Tar Heel Tattler - December 2005
Las Vegas Mayor Oscar Goodman laid his cards on the table a year ago, sure that he held the winning hand against organizers of the High Point International Home Furnishings Market. “If I were them,” he told the Las Vegas Review-Journal, “I’d be worrying about the new furniture capital of the world: Las Vegas.”
Maybe she’s got her poker face on, but Judy Mendenhall doesn’t seem too concerned. The top executive of the High Point market says it still dwarfs the one in the desert. “They have 1 million square feet of exhibit space. We have 12 million. You can’t really look at those things and compare them.”
But people do. And by at least one measure, the odds seem to be tilting in favor of the startup. Mendenhall concedes that attendance for the fall show in High Point, which hosted its first market in 1909, was probably down 8% or 9% from the 70,000 who usually attend. In July, Vegas drew about 62,000 to its inaugural show.
Beginner’s luck, suggests Charlie Greene, president of High Point-based Classic Gallery Group. “They’ll run out of gas. Right now there are no high-end showrooms in Vegas. It’s all medium to low. That’s going to draw traffic but not the big hitters.”
He says Vegas might have seemed more vibrant because its exhibit spaces are smaller. “There’s an old adage in retail or wholesale: If you anticipate a smaller crowd, make the building smaller.”
High Point might want to keep that in mind as longtime exhibitors start putting their money on Vegas. Gerry Borreggine, president of Therapedic Inc., a Middlesex, N.J.-based mattress maker, has been attending the High Point market at least 20 years. Therapedic didn’t exhibit at the July market in Vegas, but he went. “The fact that High Point has more space doesn’t make it better. It’s not the quantity of the space that engaged the buyers. It’s the quality. There was more action. There was more excitement.”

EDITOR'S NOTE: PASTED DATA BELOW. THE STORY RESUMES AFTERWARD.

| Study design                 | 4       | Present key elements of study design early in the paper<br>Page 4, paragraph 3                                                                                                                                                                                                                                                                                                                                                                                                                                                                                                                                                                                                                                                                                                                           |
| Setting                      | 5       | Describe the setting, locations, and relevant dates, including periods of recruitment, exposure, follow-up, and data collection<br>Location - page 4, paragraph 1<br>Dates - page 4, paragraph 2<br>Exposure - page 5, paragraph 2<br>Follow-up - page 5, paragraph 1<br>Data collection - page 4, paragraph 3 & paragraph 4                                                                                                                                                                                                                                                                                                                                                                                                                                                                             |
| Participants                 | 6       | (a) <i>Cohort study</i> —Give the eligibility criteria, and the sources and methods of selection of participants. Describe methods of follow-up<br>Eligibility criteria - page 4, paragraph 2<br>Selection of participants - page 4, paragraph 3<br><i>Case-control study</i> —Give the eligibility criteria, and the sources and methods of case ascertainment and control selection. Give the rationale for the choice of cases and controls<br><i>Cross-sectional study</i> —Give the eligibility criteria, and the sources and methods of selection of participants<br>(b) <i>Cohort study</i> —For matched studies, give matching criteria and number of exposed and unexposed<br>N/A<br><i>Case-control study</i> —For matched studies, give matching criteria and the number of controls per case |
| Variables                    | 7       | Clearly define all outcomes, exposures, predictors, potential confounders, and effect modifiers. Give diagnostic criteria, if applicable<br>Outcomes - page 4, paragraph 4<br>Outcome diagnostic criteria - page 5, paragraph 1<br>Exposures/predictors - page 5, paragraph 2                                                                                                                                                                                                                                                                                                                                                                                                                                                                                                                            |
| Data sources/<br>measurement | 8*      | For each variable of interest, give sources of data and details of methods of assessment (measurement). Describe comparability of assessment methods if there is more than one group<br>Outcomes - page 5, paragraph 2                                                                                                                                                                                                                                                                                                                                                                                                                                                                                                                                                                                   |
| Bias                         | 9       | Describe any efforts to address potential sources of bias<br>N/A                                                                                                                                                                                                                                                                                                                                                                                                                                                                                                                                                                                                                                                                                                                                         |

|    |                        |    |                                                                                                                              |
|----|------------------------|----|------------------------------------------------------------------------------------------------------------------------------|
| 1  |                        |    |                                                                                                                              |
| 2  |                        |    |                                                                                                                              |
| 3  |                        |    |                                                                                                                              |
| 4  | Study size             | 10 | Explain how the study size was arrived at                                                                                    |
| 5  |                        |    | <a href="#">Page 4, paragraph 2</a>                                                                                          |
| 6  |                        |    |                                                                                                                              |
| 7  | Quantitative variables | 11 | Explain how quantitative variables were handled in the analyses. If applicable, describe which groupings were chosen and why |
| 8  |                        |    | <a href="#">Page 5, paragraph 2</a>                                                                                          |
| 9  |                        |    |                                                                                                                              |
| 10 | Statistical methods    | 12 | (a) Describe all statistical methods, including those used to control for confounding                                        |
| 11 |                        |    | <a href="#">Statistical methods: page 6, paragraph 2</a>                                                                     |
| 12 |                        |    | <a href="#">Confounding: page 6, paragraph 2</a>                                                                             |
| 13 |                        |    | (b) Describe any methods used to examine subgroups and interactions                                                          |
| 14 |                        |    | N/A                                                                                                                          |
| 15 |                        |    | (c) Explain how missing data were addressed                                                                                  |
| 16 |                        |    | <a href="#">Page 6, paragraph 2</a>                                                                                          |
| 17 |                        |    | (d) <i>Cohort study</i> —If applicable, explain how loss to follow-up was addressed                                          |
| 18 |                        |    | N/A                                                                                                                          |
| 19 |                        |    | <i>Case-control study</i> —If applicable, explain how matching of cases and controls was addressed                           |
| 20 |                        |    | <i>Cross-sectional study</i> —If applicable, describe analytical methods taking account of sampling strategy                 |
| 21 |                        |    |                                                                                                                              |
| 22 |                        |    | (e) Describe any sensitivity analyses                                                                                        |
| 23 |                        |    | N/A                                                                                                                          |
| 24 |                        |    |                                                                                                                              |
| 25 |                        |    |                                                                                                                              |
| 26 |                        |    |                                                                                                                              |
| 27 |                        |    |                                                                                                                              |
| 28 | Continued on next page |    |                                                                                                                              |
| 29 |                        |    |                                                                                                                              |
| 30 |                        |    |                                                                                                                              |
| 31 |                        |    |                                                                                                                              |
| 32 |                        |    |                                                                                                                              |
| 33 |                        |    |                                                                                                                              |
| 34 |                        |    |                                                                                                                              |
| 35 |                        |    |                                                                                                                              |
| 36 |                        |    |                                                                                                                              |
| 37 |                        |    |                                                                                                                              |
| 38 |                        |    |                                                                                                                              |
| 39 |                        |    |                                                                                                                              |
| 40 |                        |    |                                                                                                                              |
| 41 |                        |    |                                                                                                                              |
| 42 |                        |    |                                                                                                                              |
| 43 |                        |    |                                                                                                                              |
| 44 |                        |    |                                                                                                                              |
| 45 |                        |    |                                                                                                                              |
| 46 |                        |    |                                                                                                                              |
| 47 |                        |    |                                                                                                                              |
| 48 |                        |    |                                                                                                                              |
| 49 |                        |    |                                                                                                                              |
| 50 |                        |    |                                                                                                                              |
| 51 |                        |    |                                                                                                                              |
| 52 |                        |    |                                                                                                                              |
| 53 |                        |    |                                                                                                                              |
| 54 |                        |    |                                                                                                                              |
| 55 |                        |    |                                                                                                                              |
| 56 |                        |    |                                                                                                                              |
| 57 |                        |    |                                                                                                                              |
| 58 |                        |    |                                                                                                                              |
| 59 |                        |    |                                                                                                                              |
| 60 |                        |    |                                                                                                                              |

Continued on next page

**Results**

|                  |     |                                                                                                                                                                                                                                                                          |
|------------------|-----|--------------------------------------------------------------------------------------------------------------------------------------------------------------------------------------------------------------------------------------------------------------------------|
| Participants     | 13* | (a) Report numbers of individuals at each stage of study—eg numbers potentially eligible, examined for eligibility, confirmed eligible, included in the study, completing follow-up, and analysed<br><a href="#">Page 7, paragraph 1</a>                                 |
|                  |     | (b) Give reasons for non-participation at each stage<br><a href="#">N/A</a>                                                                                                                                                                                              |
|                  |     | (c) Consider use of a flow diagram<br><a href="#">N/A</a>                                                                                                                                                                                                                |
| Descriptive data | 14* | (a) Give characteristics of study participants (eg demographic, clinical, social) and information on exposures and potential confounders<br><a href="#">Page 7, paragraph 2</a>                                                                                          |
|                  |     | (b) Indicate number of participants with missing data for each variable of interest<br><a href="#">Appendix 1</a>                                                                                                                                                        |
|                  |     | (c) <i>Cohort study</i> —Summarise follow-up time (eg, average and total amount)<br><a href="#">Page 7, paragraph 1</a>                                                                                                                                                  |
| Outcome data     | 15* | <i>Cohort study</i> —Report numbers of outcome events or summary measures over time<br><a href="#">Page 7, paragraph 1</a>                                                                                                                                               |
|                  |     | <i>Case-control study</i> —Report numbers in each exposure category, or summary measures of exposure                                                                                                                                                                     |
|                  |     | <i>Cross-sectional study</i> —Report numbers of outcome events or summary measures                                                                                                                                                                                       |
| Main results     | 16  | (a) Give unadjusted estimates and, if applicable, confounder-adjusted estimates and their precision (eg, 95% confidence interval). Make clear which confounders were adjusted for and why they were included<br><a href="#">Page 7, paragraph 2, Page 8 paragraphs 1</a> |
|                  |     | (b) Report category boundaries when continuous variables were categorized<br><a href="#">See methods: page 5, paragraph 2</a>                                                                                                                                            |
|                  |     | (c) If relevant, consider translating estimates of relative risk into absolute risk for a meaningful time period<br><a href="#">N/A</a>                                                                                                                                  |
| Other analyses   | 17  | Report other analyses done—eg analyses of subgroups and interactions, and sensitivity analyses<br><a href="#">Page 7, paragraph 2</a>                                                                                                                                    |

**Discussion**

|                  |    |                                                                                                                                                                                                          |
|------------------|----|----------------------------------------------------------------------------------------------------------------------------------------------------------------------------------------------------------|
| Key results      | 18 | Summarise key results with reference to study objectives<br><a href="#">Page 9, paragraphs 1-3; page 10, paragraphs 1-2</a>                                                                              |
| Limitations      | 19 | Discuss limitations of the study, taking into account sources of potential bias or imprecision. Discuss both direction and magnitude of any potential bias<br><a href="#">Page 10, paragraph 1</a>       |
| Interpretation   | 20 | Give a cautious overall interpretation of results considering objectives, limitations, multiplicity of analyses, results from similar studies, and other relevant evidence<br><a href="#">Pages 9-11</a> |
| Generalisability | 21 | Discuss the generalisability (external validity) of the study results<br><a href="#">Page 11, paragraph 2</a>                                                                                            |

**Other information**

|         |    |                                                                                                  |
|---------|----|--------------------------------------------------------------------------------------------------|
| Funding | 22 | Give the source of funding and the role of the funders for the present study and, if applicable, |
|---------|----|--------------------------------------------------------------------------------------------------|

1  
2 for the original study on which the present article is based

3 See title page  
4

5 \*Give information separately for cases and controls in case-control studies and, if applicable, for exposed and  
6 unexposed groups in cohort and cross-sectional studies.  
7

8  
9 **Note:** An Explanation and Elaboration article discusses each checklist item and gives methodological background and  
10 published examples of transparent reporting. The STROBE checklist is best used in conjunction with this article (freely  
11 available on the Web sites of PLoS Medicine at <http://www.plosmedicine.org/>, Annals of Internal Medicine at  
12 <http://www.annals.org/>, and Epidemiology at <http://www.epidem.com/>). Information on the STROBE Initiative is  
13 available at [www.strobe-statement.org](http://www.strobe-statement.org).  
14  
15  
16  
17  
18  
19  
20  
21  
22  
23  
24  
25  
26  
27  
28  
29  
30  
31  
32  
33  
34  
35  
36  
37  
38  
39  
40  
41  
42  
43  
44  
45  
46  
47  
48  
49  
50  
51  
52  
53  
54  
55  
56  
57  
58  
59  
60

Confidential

Therapedic will exhibit at the January market in Vegas. So will Virginia-based Pulaski Furniture Corp., says Bill Sibbick, senior vice president of sales. He’s been a regular at High Point 28 years and went to both shows there in 2005 as well as to Vegas. High Point leaders have addressed some complaints, but not everyone is sold — especially retailers, Sibbick says. “They still have issues with some of the things that matter most to them: lodging, rental cars, food.” There is a silver lining, though. “With less attendance this fall, people were saying it was easier to get in restaurants.”